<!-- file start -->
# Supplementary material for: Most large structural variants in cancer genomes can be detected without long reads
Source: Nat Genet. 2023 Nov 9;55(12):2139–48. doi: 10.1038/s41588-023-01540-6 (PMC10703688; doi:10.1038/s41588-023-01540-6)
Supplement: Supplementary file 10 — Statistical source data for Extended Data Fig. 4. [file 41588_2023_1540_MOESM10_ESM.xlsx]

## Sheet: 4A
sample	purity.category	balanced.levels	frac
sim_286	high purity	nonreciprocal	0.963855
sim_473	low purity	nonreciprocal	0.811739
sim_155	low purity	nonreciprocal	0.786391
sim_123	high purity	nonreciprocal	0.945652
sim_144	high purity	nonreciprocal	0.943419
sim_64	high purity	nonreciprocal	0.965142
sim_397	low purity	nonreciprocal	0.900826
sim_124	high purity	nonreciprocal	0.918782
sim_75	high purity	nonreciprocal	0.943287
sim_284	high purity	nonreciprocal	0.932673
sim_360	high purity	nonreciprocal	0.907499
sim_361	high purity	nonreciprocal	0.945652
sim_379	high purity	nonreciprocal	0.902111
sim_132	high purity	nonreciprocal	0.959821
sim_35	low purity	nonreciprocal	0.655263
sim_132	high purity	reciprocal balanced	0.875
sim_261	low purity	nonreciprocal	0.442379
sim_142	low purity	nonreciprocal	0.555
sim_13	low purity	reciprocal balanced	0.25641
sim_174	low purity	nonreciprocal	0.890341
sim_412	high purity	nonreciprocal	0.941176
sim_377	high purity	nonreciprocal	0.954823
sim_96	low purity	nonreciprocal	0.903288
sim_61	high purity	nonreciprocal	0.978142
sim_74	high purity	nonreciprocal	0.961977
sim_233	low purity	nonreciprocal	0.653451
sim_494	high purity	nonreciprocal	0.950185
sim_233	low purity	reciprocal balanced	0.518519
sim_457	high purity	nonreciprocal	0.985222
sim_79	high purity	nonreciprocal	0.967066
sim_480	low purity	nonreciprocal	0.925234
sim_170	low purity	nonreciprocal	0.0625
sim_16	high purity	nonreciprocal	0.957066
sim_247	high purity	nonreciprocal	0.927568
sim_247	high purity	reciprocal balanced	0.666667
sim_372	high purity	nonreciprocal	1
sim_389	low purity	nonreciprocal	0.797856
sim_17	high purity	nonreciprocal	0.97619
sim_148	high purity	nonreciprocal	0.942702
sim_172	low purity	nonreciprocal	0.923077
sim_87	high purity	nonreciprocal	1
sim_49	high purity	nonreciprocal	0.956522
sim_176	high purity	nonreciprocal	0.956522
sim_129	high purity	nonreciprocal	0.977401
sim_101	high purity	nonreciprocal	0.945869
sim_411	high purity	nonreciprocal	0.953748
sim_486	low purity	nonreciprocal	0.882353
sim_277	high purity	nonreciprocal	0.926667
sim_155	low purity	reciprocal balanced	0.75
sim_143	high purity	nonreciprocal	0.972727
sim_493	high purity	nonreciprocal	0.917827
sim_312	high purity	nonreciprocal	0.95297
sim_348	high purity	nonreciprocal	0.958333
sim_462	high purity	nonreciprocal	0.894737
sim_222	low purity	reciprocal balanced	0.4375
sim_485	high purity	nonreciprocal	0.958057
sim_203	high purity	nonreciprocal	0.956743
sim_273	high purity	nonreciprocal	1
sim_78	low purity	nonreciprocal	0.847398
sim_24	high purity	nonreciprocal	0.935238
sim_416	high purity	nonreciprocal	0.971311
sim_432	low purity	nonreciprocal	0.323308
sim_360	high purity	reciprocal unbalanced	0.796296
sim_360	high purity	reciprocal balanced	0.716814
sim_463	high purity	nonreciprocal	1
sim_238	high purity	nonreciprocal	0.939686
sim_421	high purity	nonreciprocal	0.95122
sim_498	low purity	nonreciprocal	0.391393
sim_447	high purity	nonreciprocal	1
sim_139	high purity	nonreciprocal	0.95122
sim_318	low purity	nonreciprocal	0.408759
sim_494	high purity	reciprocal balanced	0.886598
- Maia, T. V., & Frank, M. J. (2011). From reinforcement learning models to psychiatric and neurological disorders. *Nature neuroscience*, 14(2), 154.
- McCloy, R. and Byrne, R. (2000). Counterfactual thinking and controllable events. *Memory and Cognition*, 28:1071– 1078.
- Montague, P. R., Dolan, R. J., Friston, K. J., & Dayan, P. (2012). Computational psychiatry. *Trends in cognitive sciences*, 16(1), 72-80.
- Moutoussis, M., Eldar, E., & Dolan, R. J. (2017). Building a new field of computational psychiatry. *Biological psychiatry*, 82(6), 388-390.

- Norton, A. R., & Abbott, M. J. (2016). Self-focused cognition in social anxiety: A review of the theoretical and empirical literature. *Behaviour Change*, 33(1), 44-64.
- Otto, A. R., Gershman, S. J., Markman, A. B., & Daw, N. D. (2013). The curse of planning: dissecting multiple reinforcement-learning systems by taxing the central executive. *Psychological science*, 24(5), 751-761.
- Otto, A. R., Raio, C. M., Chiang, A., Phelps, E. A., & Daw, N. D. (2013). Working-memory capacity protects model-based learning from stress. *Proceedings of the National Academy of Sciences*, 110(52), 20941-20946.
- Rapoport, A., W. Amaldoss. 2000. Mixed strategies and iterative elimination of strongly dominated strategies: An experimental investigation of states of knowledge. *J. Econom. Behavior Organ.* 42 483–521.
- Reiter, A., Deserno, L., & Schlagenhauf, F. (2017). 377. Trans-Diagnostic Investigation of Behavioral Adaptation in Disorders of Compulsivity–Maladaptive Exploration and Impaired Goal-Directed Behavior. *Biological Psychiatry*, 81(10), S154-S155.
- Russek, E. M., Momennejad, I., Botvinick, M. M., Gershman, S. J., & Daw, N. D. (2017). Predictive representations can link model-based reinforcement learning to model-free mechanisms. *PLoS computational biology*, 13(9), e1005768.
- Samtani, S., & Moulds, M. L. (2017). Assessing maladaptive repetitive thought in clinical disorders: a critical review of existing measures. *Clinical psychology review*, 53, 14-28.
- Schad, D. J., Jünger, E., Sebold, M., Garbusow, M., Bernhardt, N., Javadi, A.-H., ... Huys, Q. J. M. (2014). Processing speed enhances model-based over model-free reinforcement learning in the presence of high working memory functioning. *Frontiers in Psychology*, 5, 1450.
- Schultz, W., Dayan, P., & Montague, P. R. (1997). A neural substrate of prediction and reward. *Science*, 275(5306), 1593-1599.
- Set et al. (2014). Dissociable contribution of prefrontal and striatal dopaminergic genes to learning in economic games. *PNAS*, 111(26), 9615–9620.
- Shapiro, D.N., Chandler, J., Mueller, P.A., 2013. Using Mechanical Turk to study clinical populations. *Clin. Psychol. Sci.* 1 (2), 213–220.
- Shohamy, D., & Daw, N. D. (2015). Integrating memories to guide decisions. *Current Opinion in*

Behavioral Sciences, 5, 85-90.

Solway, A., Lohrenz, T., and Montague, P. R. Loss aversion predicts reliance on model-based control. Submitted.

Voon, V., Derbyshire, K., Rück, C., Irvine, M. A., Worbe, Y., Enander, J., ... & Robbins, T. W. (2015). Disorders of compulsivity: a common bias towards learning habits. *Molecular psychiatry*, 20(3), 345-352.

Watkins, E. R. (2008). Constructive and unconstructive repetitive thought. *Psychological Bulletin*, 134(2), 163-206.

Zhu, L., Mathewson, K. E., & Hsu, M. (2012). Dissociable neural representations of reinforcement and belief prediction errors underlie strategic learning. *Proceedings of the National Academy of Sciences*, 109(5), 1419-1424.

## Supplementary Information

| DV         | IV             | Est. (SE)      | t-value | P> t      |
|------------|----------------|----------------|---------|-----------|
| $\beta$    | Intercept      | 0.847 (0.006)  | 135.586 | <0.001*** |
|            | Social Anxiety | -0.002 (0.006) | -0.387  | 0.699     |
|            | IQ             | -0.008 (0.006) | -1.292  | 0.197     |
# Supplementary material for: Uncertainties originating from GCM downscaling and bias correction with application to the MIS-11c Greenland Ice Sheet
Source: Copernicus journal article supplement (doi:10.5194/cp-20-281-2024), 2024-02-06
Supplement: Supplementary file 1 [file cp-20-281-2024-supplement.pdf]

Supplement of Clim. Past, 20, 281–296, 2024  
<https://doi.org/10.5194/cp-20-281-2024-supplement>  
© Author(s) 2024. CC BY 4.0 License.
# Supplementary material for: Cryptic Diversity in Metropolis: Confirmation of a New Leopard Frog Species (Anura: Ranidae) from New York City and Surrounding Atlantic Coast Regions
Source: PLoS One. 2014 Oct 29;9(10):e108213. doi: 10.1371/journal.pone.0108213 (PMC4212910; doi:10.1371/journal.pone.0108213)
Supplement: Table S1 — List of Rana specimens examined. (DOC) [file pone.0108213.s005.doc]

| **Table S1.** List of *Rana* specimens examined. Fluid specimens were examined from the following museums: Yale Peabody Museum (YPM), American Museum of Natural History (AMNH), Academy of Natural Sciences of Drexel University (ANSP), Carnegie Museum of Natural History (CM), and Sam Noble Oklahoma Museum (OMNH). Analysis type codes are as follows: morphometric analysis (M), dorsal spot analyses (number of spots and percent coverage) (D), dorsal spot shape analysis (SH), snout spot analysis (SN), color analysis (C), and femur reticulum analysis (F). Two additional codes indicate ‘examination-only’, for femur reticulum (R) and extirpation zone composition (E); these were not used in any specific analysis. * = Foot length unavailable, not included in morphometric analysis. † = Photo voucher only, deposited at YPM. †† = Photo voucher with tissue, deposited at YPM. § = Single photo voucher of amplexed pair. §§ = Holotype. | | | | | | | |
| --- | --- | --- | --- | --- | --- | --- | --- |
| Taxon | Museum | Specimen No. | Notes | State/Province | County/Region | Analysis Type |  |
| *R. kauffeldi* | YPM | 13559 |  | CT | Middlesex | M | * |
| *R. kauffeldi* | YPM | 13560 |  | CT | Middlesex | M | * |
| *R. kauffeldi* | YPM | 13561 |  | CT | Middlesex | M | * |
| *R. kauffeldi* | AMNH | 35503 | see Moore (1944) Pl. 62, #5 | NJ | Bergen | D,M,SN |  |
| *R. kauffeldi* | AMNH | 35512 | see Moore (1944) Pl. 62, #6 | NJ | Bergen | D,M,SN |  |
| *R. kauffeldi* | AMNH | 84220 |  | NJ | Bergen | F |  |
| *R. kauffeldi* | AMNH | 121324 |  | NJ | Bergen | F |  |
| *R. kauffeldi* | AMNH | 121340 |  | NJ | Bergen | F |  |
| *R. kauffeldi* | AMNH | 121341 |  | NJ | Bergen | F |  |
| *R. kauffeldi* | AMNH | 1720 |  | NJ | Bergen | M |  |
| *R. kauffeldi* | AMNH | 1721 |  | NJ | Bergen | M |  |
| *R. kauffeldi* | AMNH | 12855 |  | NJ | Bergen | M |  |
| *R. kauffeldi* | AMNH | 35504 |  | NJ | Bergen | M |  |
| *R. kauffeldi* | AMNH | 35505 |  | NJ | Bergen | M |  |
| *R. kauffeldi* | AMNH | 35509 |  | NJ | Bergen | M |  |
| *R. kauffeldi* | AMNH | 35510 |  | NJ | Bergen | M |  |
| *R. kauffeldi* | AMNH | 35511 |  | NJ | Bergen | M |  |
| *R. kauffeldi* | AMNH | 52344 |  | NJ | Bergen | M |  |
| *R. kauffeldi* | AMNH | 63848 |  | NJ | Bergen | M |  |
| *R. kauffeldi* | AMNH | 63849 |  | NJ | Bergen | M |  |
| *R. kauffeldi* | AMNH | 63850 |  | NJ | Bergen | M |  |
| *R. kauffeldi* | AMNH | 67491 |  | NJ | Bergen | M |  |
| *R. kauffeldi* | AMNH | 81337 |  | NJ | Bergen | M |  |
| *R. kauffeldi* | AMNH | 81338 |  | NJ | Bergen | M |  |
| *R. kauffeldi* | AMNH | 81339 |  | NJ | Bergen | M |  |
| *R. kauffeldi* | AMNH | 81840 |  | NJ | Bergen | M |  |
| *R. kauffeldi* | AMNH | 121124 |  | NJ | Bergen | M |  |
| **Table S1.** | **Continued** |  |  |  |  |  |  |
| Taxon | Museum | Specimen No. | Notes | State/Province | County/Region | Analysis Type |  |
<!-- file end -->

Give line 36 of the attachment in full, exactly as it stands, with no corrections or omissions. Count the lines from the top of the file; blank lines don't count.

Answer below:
sim_480	low purity	nonreciprocal	0.925234